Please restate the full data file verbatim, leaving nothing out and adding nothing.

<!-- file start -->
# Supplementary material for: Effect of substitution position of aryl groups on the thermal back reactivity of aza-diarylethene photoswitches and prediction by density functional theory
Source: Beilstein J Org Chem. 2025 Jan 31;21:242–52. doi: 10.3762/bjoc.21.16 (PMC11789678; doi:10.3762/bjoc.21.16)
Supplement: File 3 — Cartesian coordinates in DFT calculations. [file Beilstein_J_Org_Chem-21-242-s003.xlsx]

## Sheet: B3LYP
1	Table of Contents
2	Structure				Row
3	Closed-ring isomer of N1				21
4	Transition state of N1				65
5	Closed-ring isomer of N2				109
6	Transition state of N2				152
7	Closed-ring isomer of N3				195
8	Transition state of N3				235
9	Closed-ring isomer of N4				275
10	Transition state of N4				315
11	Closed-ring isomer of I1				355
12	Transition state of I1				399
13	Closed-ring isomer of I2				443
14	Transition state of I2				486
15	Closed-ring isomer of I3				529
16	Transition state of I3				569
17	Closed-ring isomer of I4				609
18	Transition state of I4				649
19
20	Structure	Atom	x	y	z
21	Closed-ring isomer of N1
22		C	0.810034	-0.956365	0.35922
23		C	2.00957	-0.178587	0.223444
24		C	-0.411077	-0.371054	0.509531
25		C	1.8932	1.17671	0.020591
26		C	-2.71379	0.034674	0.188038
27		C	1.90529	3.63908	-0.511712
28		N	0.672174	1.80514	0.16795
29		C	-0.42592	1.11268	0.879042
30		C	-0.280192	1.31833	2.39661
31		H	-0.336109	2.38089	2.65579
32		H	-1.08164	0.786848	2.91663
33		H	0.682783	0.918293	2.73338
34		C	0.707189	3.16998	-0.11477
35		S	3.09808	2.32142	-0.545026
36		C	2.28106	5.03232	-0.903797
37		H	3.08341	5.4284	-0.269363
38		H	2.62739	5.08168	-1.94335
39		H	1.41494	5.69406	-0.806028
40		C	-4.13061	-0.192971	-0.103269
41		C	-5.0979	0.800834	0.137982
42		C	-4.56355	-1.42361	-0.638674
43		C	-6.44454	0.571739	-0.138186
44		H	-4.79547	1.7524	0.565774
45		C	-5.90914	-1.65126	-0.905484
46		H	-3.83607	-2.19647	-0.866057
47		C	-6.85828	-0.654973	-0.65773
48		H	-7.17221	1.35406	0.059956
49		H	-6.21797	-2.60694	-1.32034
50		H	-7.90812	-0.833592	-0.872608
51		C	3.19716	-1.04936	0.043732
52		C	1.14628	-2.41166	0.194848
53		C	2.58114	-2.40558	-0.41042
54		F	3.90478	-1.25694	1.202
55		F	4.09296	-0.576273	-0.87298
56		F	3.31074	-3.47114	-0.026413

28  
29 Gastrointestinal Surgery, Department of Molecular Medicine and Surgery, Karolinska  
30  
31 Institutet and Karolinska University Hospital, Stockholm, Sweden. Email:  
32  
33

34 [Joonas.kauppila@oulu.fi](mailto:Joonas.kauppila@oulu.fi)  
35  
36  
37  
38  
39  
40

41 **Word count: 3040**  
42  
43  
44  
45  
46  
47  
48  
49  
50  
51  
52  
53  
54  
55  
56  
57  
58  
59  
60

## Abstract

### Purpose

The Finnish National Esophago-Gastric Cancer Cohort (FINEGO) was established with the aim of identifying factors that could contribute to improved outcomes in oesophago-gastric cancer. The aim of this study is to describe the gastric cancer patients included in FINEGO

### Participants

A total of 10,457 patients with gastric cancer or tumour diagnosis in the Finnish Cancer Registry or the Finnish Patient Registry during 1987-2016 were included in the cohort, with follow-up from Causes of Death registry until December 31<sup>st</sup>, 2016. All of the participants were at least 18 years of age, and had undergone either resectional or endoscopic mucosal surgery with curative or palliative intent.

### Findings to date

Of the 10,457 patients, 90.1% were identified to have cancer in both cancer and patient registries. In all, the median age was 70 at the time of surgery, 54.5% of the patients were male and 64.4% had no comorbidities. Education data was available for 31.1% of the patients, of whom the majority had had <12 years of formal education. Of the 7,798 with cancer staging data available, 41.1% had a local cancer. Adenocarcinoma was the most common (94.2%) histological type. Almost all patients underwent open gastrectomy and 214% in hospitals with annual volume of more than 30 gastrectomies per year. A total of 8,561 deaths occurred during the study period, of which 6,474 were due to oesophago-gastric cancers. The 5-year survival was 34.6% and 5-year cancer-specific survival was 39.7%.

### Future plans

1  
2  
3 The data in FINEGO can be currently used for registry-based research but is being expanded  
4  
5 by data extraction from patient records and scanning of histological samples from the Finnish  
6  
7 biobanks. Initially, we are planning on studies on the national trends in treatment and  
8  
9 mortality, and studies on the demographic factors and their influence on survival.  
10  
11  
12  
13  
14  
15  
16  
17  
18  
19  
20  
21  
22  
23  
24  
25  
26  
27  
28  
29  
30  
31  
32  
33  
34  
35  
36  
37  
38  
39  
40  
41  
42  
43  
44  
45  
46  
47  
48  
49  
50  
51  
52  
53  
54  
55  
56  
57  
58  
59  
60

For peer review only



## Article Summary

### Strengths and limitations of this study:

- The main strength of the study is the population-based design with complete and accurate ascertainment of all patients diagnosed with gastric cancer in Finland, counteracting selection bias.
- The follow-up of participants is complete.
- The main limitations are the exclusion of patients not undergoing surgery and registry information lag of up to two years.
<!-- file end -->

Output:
# Supplementary material for: Effect of substitution position of aryl groups on the thermal back reactivity of aza-diarylethene photoswitches and prediction by density functional theory
Source: Beilstein J Org Chem. 2025 Jan 31;21:242–52. doi: 10.3762/bjoc.21.16 (PMC11789678; doi:10.3762/bjoc.21.16)
Supplement: File 3 — Cartesian coordinates in DFT calculations. [file Beilstein_J_Org_Chem-21-242-s003.xlsx]

## Sheet: B3LYP
1	Table of Contents
2	Structure				Row
3	Closed-ring isomer of N1				21
4	Transition state of N1				65
5	Closed-ring isomer of N2				109
6	Transition state of N2				152
7	Closed-ring isomer of N3				195
8	Transition state of N3				235
9	Closed-ring isomer of N4				275
10	Transition state of N4				315
11	Closed-ring isomer of I1				355
12	Transition state of I1				399
13	Closed-ring isomer of I2				443
14	Transition state of I2				486
15	Closed-ring isomer of I3				529
16	Transition state of I3				569
17	Closed-ring isomer of I4				609
18	Transition state of I4				649
19
20	Structure	Atom	x	y	z
21	Closed-ring isomer of N1
22		C	0.810034	-0.956365	0.35922
23		C	2.00957	-0.178587	0.223444
24		C	-0.411077	-0.371054	0.509531
25		C	1.8932	1.17671	0.020591
26		C	-2.71379	0.034674	0.188038
27		C	1.90529	3.63908	-0.511712
28		N	0.672174	1.80514	0.16795
29		C	-0.42592	1.11268	0.879042
30		C	-0.280192	1.31833	2.39661
31		H	-0.336109	2.38089	2.65579
32		H	-1.08164	0.786848	2.91663
33		H	0.682783	0.918293	2.73338
34		C	0.707189	3.16998	-0.11477
35		S	3.09808	2.32142	-0.545026
36		C	2.28106	5.03232	-0.903797
37		H	3.08341	5.4284	-0.269363
38		H	2.62739	5.08168	-1.94335
39		H	1.41494	5.69406	-0.806028
40		C	-4.13061	-0.192971	-0.103269
41		C	-5.0979	0.800834	0.137982
42		C	-4.56355	-1.42361	-0.638674
43		C	-6.44454	0.571739	-0.138186
44		H	-4.79547	1.7524	0.565774
45		C	-5.90914	-1.65126	-0.905484
46		H	-3.83607	-2.19647	-0.866057
47		C	-6.85828	-0.654973	-0.65773
48		H	-7.17221	1.35406	0.059956
49		H	-6.21797	-2.60694	-1.32034
50		H	-7.90812	-0.833592	-0.872608
51		C	3.19716	-1.04936	0.043732
52		C	1.14628	-2.41166	0.194848
53		C	2.58114	-2.40558	-0.41042
54		F	3.90478	-1.25694	1.202
55		F	4.09296	-0.576273	-0.87298
56		F	3.31074	-3.47114	-0.026413

28  
29 Gastrointestinal Surgery, Department of Molecular Medicine and Surgery, Karolinska  
30  
31 Institutet and Karolinska University Hospital, Stockholm, Sweden. Email:  
32  
33

34 [Joonas.kauppila@oulu.fi](mailto:Joonas.kauppila@oulu.fi)  
35  
36  
37  
38  
39  
40

41 **Word count: 3040**  
42  
43  
44  
45  
46  
47  
48  
49  
50  
51  
52  
53  
54  
55  
56  
57  
58  
59  
60

## Abstract

### Purpose

The Finnish National Esophago-Gastric Cancer Cohort (FINEGO) was established with the aim of identifying factors that could contribute to improved outcomes in oesophago-gastric cancer. The aim of this study is to describe the gastric cancer patients included in FINEGO

### Participants

A total of 10,457 patients with gastric cancer or tumour diagnosis in the Finnish Cancer Registry or the Finnish Patient Registry during 1987-2016 were included in the cohort, with follow-up from Causes of Death registry until December 31<sup>st</sup>, 2016. All of the participants were at least 18 years of age, and had undergone either resectional or endoscopic mucosal surgery with curative or palliative intent.

### Findings to date

Of the 10,457 patients, 90.1% were identified to have cancer in both cancer and patient registries. In all, the median age was 70 at the time of surgery, 54.5% of the patients were male and 64.4% had no comorbidities. Education data was available for 31.1% of the patients, of whom the majority had had <12 years of formal education. Of the 7,798 with cancer staging data available, 41.1% had a local cancer. Adenocarcinoma was the most common (94.2%) histological type. Almost all patients underwent open gastrectomy and 214% in hospitals with annual volume of more than 30 gastrectomies per year. A total of 8,561 deaths occurred during the study period, of which 6,474 were due to oesophago-gastric cancers. The 5-year survival was 34.6% and 5-year cancer-specific survival was 39.7%.

### Future plans

1  
2  
3 The data in FINEGO can be currently used for registry-based research but is being expanded  
4  
5 by data extraction from patient records and scanning of histological samples from the Finnish  
6  
7 biobanks. Initially, we are planning on studies on the national trends in treatment and  
8  
9 mortality, and studies on the demographic factors and their influence on survival.  
10  
11  
12  
13  
14  
15  
16  
17  
18  
19  
20  
21  
22  
23  
24  
25  
26  
27  
28  
29  
30  
31  
32  
33  
34  
35  
36  
37  
38  
39  
40  
41  
42  
43  
44  
45  
46  
47  
48  
49  
50  
51  
52  
53  
54  
55  
56  
57  
58  
59  
60

For peer review only



## Article Summary

### Strengths and limitations of this study:

- The main strength of the study is the population-based design with complete and accurate ascertainment of all patients diagnosed with gastric cancer in Finland, counteracting selection bias.
- The follow-up of participants is complete.
- The main limitations are the exclusion of patients not undergoing surgery and registry information lag of up to two years.